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Berkeley, California, to Remove Gendered Language Like 'Manhole' and 'Manpower' from City Codes

Helen Murphy
Berkeley to Remove Gendered Language from City Codes

The city of Berkeley, California, voted to move forward with an ordinance that would remove gendered language from its municipal codes, replacing it with gender-neutral terminology.

The Berkeley city council voted on the measure on Tuesday, according to CNN. The outlet reports that the primary author of the bill, council member Rigel Robinson, said that the measure passed without discussion or controversy.

The measure would replace all gendered pronouns like “he” or “she” in Berkeley’s city codes with “they,” “them” or the specific title of the person. According to Berkeleyside, the code currently uses mostly masculine pronouns.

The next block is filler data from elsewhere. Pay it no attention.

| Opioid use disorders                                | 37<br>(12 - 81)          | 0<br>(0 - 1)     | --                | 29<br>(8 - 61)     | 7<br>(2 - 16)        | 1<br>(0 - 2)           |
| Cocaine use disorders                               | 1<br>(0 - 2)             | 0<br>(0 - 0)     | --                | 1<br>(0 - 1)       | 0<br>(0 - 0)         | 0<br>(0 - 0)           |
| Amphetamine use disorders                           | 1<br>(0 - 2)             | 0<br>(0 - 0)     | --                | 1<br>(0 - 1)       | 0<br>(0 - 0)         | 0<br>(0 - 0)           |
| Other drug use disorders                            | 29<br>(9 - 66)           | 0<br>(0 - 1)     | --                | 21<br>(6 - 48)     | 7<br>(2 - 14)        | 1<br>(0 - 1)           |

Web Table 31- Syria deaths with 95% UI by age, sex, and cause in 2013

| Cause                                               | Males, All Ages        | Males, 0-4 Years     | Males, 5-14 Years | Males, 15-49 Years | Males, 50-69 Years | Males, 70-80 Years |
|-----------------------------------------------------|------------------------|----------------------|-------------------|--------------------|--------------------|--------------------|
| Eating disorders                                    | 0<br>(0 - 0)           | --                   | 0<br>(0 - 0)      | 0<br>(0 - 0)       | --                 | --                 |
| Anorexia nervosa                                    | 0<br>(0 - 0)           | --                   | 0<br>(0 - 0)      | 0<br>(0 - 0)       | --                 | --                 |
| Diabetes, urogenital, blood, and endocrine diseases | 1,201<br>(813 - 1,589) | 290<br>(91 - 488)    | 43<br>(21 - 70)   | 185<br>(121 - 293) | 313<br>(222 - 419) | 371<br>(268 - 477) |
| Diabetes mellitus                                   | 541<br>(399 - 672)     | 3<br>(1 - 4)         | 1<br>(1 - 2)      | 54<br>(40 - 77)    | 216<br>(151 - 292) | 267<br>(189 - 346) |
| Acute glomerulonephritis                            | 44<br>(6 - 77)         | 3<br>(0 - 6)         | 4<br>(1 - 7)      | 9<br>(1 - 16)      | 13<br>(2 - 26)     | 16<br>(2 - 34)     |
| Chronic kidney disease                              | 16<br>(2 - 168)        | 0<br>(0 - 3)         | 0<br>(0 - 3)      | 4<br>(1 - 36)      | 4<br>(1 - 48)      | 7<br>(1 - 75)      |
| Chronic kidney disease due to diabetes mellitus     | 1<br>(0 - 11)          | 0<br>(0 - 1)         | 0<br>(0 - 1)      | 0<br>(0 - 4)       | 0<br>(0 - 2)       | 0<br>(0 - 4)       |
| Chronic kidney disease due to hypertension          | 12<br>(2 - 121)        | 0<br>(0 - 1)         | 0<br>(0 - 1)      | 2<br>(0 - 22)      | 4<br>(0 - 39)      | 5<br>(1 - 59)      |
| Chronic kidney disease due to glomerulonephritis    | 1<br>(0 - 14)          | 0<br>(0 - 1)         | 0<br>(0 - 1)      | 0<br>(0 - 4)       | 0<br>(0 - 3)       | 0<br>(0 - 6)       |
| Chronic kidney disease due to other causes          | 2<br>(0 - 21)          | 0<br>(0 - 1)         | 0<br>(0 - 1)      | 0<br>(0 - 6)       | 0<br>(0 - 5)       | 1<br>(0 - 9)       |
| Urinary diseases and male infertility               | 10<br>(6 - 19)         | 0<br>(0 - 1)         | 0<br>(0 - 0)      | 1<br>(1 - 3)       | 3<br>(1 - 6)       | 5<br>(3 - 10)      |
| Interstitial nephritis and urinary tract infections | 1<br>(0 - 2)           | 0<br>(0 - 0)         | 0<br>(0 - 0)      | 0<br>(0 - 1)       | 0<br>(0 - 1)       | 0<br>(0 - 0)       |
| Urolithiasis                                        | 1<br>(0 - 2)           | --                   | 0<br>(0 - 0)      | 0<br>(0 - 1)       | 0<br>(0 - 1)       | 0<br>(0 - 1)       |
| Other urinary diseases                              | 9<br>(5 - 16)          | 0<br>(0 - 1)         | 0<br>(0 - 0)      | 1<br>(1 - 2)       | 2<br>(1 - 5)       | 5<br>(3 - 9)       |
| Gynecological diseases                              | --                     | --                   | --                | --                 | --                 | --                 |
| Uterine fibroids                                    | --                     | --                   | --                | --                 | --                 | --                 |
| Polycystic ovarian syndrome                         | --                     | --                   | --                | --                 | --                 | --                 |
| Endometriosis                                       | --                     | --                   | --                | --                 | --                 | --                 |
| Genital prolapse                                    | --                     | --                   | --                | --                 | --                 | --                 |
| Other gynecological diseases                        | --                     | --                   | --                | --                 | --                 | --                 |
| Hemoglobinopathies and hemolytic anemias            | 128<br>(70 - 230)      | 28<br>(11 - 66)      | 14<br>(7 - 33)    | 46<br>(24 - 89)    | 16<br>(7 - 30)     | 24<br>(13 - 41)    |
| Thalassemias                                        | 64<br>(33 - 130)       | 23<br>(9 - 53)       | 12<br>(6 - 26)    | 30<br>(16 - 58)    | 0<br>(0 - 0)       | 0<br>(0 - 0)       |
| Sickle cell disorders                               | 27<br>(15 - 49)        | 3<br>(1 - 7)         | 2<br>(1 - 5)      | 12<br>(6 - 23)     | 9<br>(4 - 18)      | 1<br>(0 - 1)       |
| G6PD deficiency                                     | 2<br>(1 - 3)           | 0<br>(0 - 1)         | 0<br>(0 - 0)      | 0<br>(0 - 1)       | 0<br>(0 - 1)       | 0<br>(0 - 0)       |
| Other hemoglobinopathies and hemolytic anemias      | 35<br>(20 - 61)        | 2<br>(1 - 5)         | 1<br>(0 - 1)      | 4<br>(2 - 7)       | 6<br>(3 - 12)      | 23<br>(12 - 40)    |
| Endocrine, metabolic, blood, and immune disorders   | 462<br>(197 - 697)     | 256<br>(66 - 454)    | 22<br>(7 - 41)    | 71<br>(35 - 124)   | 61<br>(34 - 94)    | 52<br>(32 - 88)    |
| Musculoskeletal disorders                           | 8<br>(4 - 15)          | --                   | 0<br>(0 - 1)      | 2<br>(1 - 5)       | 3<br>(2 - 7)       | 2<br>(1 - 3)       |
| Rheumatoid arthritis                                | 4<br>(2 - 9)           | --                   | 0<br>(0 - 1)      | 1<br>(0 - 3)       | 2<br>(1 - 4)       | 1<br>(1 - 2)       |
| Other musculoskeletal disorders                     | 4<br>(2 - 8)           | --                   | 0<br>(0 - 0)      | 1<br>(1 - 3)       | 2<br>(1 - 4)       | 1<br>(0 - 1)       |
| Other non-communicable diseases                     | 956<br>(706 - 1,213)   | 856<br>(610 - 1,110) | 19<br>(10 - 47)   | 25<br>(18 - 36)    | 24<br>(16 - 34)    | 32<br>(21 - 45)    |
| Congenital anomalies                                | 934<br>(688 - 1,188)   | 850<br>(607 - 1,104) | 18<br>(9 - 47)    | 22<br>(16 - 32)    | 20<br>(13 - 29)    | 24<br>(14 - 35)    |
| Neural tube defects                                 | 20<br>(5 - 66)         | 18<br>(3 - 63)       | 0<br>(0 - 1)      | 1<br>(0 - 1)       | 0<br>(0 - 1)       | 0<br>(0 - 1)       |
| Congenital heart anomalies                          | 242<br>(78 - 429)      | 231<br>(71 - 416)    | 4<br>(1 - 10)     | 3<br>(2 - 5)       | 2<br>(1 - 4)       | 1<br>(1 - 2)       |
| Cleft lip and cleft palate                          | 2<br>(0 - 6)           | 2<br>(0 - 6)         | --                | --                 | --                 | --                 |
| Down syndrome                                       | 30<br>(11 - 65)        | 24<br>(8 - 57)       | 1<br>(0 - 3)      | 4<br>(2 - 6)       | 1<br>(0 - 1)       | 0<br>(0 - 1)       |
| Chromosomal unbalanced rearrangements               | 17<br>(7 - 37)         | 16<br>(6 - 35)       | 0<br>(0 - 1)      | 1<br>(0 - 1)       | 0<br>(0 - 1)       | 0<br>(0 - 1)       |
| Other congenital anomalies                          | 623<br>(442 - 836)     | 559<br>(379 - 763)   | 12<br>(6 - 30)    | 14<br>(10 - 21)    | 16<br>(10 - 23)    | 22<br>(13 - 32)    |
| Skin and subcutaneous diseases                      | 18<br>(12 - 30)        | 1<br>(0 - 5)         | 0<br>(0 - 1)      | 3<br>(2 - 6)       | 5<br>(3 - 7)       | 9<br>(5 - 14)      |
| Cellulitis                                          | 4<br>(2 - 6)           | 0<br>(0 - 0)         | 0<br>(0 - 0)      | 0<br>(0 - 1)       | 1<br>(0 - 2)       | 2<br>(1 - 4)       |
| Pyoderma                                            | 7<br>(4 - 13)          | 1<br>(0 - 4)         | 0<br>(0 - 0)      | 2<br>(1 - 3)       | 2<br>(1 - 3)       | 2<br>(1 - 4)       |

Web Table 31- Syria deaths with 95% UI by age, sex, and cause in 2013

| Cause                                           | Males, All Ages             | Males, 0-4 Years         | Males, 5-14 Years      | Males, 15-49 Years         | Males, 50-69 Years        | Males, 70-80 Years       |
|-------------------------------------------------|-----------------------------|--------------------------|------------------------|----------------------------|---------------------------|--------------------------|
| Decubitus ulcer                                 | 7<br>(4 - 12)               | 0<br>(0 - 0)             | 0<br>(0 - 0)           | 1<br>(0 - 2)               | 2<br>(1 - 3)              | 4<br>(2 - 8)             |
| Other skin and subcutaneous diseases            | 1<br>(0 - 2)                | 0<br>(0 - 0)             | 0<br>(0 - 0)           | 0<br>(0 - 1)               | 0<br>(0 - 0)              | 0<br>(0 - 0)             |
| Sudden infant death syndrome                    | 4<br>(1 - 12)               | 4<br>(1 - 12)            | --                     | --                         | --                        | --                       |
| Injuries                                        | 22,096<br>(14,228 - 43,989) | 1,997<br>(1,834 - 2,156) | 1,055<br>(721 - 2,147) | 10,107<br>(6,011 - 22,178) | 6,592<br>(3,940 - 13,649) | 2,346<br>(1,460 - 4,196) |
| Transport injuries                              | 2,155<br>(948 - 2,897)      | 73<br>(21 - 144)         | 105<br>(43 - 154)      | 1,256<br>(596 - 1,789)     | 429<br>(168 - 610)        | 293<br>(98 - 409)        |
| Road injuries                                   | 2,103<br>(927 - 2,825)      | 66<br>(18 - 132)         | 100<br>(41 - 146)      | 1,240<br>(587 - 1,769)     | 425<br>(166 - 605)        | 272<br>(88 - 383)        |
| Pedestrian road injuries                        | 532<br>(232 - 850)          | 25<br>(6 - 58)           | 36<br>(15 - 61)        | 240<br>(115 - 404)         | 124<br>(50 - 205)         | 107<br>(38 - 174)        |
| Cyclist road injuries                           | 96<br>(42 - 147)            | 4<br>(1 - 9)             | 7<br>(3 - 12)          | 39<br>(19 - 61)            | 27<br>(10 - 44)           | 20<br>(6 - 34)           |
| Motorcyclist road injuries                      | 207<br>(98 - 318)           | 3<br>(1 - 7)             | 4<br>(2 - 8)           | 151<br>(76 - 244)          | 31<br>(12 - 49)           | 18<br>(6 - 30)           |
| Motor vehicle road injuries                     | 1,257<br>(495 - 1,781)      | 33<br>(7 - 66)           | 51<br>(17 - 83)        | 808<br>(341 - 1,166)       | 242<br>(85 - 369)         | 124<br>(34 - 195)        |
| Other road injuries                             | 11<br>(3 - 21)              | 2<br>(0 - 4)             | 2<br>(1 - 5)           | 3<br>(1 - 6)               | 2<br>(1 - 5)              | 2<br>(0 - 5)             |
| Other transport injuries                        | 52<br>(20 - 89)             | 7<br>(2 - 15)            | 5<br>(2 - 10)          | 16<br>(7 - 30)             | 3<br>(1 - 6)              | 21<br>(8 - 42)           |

Additionally, gendered words like “manhole,” “manmade,” “salesman” and “policewoman” would be changed to a gender-neutral term instead — for example, the proposed change to “manhole” is “maintenance hole.”

The full list also includes the words “manpower,” “repairman,” “sorority” and “fraternity.”

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Robinson praised the passage of the measure on Twitter.

“Tonight, Berkeley City Council adopted first reading of an ordinance responding to my proposal revising the municipal code to include gender neutral pronouns,” Robinson wrote. “There is power in language. This is a small move, but it matters.”


In the text of the measure, the authors explained that they believed updating the city code “by eliminating any gender preference language” will “promote equality.”

According to NBC News, the measure will be reviewed again next week, and changes would go into effect in late August.

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Berkeleyside reports that it will cost the city about $600 to update the code.

“Having a male-centric municipal code is inaccurate and not reflective of our reality,” Robinson said, according to CNN. “Women and non-binary individuals are just as entitled to accurate representation. Our laws are for everyone, and our municipal code should reflect that.”